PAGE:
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Orphanages are not necessary, says Kandiah

23 August 2019

Reformer campaigns for children to be cared for in families


A NEW initiative to encourage Christians to stop funding orphanages and support family-based alternatives instead has been launched. A ComRes survey suggested that half the Christians in the UK might have given money to an overseas orphanage in the past year.

The UK Government promised to end its support to overseas orphanages a year ago, but a poll suggested that Christians were still donating money and time to support institutions overseas. The poll found that respondents were seven times more likely than other adults to visit or volunteer in orphanages, and that 44 per cent of the Christians had donated to an orphanage in the past year.

The Homecoming initiative has been launched by Dr Krish Kandiah, who runs the fostering and adoption charity Home for Good. The son of a woman who was placed in an orphanage in India by her widowed mother, he says that orphanages are not necessary in the 21st century, and can cause immense harm.

“They are not good enough for UK children, and they shouldn’t be good enough for anyone’s children. At best, they are a temporary intervention rather than a permanent destination for children.”

Many of the “orphans” in orphanages still have living families, research has shown.The US charity Faith to Action found that, in some countries, up to 98 per cent of “orphans” had a living parent who had been driven to place them in an orphanage because of poverty, in the hope that they would have a better life.

Dr Kandiah said, moreover: “It seems that many of the world’s orphanages rely on children staying put in order to receive the maximum funding. I have been told by government officials in Ukraine, and workers on the ground in Uganda, that empty beds in orphanages are considered a problem; orphanage workers actively go and recruit new children to fill them.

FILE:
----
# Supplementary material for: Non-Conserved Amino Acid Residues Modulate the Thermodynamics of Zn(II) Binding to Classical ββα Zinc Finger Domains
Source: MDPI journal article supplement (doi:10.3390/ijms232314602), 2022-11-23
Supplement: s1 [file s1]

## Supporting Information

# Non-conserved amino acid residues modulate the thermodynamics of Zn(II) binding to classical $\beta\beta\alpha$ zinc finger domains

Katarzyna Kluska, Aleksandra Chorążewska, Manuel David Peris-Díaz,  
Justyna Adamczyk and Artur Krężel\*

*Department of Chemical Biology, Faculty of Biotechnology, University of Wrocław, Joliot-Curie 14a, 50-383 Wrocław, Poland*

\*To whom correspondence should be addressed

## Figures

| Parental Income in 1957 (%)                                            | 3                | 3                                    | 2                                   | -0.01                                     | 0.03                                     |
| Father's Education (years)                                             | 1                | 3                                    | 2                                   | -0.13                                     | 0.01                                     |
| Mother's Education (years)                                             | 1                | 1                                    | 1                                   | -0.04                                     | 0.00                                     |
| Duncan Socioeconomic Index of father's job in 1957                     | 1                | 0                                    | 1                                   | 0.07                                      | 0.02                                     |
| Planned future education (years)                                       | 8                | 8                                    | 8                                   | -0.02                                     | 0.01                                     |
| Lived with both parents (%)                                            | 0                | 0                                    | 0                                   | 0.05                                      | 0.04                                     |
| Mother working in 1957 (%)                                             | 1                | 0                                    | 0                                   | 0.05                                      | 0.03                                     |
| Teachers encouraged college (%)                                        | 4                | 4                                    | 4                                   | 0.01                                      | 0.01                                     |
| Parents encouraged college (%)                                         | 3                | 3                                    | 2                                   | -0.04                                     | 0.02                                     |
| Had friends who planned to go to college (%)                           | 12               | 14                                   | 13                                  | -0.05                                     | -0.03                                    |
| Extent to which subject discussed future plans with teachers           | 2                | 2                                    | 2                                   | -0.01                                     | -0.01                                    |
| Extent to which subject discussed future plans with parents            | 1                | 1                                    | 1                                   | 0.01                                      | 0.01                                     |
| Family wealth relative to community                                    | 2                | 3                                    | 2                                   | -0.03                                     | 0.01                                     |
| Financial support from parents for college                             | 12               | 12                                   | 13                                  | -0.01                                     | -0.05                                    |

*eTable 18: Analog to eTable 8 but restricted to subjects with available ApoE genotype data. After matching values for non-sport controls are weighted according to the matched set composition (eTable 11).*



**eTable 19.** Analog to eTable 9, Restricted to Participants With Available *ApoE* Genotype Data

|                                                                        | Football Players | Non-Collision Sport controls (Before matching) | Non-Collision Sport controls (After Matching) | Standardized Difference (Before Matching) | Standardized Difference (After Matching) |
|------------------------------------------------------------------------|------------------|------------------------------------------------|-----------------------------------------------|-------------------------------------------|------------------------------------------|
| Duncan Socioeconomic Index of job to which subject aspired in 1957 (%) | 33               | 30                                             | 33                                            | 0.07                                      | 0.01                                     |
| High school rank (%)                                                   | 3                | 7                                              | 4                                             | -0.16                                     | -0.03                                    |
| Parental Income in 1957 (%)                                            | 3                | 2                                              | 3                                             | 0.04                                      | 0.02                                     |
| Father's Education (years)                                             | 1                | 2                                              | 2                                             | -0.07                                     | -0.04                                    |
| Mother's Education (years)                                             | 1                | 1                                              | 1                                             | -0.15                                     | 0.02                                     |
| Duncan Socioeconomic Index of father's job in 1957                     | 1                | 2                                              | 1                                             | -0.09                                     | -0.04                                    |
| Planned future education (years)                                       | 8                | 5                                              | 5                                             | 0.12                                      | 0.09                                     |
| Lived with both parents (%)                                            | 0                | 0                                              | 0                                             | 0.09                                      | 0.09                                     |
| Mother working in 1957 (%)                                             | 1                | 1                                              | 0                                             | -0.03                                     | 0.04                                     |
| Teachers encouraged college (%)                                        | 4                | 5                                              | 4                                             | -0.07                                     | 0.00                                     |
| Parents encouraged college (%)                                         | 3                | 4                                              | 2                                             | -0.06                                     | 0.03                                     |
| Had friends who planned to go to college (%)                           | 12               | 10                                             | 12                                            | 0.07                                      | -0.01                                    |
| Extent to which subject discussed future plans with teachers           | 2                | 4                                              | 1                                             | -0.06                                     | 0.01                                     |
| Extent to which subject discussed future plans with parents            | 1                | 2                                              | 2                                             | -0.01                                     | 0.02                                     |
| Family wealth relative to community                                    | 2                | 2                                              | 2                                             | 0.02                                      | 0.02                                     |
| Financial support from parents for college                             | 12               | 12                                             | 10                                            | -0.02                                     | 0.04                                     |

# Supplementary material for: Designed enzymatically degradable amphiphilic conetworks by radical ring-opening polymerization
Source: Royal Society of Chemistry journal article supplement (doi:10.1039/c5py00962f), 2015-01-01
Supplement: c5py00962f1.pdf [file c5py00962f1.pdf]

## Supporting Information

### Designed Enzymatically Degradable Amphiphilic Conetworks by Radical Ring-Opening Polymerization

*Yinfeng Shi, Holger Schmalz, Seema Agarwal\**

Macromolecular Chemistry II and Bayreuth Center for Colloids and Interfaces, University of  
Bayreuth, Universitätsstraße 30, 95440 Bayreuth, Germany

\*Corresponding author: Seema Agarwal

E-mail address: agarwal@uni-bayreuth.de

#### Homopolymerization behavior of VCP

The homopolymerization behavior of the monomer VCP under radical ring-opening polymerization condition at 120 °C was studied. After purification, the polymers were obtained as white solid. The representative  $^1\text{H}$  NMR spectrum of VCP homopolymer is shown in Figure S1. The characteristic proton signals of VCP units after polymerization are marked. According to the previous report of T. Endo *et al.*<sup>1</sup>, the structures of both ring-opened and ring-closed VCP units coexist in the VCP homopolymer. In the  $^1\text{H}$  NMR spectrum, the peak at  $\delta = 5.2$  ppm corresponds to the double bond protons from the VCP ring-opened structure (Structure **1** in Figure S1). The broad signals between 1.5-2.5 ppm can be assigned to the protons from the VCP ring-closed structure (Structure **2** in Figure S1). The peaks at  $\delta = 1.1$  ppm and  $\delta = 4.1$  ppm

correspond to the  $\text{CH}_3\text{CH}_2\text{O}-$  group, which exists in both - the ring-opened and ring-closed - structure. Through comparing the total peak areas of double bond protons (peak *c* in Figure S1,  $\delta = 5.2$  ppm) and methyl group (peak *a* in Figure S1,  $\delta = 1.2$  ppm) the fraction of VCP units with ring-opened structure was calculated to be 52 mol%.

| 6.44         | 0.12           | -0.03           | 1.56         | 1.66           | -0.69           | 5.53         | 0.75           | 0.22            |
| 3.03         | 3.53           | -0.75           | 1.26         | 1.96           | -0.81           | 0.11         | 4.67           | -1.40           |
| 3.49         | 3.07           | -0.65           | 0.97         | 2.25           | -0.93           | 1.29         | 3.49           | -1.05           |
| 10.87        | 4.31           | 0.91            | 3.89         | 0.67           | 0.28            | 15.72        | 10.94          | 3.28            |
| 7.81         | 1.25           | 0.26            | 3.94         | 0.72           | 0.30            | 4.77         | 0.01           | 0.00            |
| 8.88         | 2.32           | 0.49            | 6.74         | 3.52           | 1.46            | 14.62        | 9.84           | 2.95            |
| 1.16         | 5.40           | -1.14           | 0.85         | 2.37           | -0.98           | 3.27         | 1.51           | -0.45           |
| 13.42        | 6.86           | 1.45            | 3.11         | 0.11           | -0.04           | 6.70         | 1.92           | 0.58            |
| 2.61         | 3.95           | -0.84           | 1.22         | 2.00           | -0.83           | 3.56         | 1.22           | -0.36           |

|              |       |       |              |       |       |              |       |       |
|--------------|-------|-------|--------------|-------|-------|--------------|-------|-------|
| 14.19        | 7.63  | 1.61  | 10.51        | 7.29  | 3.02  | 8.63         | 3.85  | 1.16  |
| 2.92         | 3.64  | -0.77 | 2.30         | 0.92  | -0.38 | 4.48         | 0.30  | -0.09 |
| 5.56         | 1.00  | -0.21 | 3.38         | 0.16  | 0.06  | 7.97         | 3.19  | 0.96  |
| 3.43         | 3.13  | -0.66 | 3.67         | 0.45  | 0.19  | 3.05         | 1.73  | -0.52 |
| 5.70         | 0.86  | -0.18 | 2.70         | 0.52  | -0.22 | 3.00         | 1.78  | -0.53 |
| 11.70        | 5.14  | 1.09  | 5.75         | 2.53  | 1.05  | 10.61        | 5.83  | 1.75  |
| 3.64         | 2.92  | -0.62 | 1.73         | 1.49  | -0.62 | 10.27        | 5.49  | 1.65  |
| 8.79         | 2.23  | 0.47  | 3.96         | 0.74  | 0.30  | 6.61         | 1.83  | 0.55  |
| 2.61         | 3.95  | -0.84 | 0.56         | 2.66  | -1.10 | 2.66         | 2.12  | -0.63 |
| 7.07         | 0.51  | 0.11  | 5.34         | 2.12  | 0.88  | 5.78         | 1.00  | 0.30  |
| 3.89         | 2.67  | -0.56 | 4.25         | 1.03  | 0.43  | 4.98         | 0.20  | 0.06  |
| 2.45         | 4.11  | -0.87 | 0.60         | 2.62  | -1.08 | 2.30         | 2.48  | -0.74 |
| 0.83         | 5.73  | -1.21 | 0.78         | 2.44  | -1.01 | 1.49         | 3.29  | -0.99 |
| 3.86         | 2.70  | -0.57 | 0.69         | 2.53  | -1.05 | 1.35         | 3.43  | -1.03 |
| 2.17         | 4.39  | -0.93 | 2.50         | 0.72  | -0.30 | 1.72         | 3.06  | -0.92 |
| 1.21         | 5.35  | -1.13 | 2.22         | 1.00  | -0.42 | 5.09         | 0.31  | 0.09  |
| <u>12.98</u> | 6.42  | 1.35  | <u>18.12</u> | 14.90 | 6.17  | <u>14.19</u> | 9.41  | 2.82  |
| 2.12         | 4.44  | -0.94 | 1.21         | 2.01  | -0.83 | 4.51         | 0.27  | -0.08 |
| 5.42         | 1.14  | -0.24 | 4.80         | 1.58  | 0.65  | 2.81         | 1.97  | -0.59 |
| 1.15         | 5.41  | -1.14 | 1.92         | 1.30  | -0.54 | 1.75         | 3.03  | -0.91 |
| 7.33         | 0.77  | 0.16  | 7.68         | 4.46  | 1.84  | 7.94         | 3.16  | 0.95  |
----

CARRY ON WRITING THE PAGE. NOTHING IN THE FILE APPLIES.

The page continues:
“Essentially, the orphanage becomes a monster that needs feeding because there are staff salaries to pay and facilities to maintain, and empty beds mean less money to keep the institution going.”

Although the “vast majority of Christian-run orphanages are genuinely seeking to do good to children . . . the model is fundamentally flawed and unnecessary”. Even in the Rwandan genocide, 15,000 orphans were placed in foster care rather than institutions, he said.

The good intentions of Christians in supporting orphanages were perpetuating the problem, he warned. He urged those considering offering money or time to examine their own motives.

“Sometimes, we are all in danger of thinking about how we would like to help rather than thinking about what is best for those we seek to serve. I believe that there is never a good reason to volunteer with children in orphanages if, firstly, the children don’t need to be there; and, secondly, if you don’t have the requisite skills that could actually help children who have experienced trauma.”

The initiative urges Christians not to withdraw funding immediately, which could throw children into crisis, but to encourage the orphanages they support to move towards caring for children in families.

In some parts of the world, this is already happening. In Ukraine and Costa Rica, orphanages are beginning to close as charities and churches work together to find families who are willing to care for children suffering from even the most severe long-term effects of institutional care.

Ella, a Christian gap-year student, worked at a church-run and also a state-run orphanage in Zambia, but her experience there has led her to support the Homecoming project. “I think my hopes and desires were to spend time, get to know and love the children I met,” she said. “I wanted to gain an understanding that perhaps in the future would guide my desire to live out God’s heart as ‘a father to the fatherless’.”

After an incident at one orphanage, however, she began to question the system. “One particular conversation shifted my view of orphanages. Midway through my stay at one orphanage, we were celebrating one of the children’s birthdays. After the candles had been blown out, the presents opened, he joyfully exclaimed ‘My Mum is coming tomorrow!’

“Slightly confused, I noted to myself I should ask one of the staff about what he had said later. When I did, she told me that over half the children at the orphanage had living family in the area. This information challenged my whole understanding of orphanages, and confused my understanding of the term ‘orphan’. I quickly learnt that the presence of orphanages often causes vulnerable families to willingly place their child/children in an orphanage with the hope of ‘Giving them a better life’.”

Now training to be a social worker in the UK, she said: “It is so imperative to ask questions [and] lovingly reflect on practice and experience you are seeing. We’re all on a journey with learning the best ways to care for vulnerable children; as a trainee social worker, I’m sure of that. The issue is complex and nuanced. Now, I encourage those seeking to serve overseas to educate themselves on ethical ways to end the orphan crisis.”


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